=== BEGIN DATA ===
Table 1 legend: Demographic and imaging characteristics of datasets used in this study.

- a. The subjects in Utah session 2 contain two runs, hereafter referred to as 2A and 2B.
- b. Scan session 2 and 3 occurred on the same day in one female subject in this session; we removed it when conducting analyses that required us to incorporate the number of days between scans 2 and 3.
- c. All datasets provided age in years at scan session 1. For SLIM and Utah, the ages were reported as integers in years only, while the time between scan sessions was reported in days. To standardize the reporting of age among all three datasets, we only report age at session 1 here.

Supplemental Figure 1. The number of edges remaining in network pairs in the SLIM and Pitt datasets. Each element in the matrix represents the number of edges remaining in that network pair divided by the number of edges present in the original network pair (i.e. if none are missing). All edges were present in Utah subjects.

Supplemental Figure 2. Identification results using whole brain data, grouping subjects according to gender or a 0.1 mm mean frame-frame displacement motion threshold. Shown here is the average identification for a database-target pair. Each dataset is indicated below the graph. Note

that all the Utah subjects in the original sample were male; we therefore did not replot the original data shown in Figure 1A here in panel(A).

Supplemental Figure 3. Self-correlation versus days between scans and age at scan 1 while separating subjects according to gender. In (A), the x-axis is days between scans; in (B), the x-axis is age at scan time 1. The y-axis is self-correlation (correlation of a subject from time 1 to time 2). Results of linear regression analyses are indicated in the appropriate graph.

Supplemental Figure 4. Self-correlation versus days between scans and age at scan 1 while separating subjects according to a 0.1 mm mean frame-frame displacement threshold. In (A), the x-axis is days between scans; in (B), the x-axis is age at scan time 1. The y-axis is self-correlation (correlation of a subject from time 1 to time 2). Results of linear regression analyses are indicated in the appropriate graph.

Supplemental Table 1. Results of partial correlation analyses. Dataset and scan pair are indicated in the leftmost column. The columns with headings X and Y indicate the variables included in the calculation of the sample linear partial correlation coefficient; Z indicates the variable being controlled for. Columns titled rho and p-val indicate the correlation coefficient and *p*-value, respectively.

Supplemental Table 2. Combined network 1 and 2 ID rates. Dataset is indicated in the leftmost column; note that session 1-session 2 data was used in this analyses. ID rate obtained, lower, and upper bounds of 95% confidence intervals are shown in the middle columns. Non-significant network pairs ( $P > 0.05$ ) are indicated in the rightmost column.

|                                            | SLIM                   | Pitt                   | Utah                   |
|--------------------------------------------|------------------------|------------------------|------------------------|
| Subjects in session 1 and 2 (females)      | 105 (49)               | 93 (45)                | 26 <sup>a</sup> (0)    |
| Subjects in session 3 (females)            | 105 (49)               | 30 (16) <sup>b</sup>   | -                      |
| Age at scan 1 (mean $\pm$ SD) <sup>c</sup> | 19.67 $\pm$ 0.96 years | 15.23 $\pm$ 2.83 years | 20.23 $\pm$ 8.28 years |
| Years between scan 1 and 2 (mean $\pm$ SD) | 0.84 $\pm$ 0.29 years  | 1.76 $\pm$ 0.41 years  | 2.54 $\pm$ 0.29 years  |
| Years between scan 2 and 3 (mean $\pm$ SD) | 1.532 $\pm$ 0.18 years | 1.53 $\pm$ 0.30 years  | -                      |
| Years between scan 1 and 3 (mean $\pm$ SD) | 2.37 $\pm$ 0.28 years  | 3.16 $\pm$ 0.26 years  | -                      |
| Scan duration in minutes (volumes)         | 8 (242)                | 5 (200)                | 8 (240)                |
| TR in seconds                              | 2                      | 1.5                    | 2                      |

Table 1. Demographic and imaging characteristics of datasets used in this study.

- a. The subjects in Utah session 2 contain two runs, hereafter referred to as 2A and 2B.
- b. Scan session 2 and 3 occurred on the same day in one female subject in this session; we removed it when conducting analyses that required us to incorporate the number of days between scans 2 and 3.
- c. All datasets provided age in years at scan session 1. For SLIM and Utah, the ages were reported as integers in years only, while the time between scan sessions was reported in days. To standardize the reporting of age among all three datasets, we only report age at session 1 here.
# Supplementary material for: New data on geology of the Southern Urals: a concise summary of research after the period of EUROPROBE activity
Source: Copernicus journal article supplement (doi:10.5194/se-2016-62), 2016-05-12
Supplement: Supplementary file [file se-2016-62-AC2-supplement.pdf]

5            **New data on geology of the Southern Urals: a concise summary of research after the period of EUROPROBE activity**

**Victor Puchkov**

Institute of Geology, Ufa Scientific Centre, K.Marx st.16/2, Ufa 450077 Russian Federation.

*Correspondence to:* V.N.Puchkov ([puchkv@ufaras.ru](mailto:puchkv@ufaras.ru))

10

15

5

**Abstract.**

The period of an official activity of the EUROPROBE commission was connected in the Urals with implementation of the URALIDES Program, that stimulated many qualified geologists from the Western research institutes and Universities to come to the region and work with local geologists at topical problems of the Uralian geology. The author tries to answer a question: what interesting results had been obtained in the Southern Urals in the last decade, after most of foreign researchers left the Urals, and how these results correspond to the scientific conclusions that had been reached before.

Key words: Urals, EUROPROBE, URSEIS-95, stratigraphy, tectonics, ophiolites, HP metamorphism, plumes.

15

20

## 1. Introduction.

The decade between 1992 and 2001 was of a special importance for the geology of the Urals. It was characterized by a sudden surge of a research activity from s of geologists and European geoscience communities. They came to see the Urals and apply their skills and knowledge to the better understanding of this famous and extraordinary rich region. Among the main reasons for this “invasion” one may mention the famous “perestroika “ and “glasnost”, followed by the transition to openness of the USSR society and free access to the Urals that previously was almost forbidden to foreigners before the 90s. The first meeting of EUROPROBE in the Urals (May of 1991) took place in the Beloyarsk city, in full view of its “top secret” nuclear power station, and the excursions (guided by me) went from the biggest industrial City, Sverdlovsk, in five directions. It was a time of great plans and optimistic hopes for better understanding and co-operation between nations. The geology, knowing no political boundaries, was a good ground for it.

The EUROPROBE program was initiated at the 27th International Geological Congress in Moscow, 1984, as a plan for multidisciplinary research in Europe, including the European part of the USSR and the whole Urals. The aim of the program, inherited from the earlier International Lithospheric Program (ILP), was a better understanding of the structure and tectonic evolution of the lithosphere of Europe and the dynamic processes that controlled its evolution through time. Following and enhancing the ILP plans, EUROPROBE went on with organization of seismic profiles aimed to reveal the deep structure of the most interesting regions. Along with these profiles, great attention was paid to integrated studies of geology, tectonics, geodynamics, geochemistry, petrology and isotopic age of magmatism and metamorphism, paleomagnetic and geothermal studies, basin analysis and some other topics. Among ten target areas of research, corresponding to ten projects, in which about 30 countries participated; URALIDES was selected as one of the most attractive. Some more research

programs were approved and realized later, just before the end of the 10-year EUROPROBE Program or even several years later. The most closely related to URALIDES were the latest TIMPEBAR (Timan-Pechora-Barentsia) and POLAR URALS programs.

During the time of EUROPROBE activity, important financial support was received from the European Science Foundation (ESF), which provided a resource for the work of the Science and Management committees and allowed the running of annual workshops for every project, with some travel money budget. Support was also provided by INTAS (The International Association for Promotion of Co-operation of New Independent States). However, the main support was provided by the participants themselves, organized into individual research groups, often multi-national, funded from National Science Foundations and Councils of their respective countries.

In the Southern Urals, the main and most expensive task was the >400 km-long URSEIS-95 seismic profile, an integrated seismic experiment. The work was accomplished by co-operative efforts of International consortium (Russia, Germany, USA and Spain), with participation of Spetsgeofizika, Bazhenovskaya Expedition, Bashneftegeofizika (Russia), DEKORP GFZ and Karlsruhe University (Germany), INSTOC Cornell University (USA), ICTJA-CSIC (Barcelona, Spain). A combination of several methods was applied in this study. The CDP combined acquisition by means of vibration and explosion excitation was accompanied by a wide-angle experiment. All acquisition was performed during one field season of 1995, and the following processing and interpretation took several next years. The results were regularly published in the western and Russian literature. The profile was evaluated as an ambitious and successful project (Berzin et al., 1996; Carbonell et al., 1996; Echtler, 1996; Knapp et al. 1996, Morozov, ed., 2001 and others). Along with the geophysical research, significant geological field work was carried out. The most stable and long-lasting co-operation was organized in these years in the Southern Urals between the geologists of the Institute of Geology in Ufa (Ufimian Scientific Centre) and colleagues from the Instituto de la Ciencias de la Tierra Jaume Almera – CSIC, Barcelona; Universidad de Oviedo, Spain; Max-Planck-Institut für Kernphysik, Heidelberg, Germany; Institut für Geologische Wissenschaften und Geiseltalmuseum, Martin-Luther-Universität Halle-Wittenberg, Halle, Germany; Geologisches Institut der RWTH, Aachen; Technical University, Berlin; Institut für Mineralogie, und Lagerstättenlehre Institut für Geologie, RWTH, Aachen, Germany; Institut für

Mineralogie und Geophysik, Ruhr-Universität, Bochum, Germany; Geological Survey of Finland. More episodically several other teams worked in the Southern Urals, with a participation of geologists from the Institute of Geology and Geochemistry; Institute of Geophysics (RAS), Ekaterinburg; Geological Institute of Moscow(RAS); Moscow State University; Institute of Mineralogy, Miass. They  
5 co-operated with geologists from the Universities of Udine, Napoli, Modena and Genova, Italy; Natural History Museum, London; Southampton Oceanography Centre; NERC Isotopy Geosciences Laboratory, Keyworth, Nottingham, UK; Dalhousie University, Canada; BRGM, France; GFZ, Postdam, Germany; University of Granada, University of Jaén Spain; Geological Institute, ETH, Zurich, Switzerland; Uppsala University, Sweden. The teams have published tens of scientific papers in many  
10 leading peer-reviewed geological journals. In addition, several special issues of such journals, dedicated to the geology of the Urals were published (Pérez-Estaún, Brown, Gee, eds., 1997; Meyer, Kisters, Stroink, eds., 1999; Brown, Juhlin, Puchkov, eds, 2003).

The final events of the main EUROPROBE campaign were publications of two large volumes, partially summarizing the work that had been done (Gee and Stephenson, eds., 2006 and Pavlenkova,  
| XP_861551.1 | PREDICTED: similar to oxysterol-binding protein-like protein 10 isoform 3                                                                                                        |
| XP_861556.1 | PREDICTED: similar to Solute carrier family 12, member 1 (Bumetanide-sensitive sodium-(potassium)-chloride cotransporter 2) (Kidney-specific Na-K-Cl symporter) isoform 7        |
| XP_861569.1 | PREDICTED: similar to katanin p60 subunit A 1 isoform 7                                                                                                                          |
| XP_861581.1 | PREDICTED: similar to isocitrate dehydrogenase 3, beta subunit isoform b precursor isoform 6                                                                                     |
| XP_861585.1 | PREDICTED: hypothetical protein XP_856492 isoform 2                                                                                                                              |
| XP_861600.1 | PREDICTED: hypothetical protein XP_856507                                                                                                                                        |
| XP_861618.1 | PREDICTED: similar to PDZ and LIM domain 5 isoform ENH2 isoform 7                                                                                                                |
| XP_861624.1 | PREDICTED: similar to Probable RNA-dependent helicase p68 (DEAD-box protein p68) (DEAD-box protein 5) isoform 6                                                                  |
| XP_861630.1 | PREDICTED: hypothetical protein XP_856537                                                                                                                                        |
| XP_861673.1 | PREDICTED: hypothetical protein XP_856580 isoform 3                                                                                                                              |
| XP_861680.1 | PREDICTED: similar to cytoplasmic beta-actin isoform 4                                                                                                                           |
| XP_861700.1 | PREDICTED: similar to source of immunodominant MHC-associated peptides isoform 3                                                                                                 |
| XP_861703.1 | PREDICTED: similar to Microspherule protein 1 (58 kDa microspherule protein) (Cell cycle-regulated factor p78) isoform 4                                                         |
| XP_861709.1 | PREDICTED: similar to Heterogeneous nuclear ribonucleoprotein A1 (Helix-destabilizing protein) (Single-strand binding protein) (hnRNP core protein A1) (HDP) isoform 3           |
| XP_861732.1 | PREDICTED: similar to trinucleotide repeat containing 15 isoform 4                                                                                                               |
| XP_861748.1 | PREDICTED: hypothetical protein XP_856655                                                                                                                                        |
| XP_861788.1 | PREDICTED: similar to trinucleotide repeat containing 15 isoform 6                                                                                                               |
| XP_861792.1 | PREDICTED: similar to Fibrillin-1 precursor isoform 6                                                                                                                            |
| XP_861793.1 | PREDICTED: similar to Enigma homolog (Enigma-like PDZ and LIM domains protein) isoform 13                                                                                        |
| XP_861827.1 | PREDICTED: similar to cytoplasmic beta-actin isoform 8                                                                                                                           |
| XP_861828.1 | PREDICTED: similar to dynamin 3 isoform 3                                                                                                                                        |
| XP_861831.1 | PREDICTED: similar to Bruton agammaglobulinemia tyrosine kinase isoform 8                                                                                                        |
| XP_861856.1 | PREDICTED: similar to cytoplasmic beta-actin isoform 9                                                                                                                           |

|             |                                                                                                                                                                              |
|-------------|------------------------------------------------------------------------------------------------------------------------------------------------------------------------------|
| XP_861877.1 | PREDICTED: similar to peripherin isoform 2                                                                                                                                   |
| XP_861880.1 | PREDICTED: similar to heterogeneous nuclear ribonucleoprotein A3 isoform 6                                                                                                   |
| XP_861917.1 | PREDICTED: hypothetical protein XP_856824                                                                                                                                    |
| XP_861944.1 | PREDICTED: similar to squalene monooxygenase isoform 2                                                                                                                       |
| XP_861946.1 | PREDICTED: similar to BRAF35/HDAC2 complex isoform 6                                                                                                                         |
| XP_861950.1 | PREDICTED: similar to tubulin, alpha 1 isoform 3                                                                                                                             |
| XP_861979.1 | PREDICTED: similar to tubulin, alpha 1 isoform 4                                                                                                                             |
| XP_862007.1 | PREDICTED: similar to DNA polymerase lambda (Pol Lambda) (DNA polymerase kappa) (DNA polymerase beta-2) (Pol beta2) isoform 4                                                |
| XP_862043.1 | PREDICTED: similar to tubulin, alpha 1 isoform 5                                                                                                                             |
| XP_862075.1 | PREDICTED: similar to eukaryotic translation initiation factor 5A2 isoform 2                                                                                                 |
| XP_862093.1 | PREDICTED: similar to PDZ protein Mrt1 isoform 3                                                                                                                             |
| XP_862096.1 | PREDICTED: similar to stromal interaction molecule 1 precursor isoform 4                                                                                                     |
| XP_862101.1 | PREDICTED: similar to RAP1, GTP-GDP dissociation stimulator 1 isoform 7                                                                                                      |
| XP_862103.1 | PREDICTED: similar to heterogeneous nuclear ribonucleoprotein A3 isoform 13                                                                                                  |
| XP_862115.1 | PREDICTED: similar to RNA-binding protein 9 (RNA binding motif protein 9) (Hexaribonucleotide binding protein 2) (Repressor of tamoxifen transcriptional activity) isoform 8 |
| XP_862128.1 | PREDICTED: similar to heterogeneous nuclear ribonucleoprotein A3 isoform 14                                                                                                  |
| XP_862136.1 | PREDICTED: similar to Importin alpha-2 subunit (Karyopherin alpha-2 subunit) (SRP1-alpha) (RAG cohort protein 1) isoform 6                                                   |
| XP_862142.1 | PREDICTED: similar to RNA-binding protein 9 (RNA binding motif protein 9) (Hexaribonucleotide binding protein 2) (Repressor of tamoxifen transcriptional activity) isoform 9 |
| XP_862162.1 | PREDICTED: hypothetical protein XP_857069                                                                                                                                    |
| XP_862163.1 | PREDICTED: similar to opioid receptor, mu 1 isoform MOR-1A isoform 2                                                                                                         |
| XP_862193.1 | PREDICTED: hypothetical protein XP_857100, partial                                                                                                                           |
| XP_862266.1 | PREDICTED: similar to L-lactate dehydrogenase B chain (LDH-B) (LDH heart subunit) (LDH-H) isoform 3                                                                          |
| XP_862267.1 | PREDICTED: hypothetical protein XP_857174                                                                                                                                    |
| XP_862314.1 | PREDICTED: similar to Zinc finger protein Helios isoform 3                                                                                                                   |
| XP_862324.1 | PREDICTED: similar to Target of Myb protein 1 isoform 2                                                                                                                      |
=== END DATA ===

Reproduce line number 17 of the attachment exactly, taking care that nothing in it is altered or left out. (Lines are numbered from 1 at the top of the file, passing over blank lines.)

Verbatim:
| Years between scan 1 and 2 (mean $\pm$ SD) | 0.84 $\pm$ 0.29 years  | 1.76 $\pm$ 0.41 years  | 2.54 $\pm$ 0.29 years  |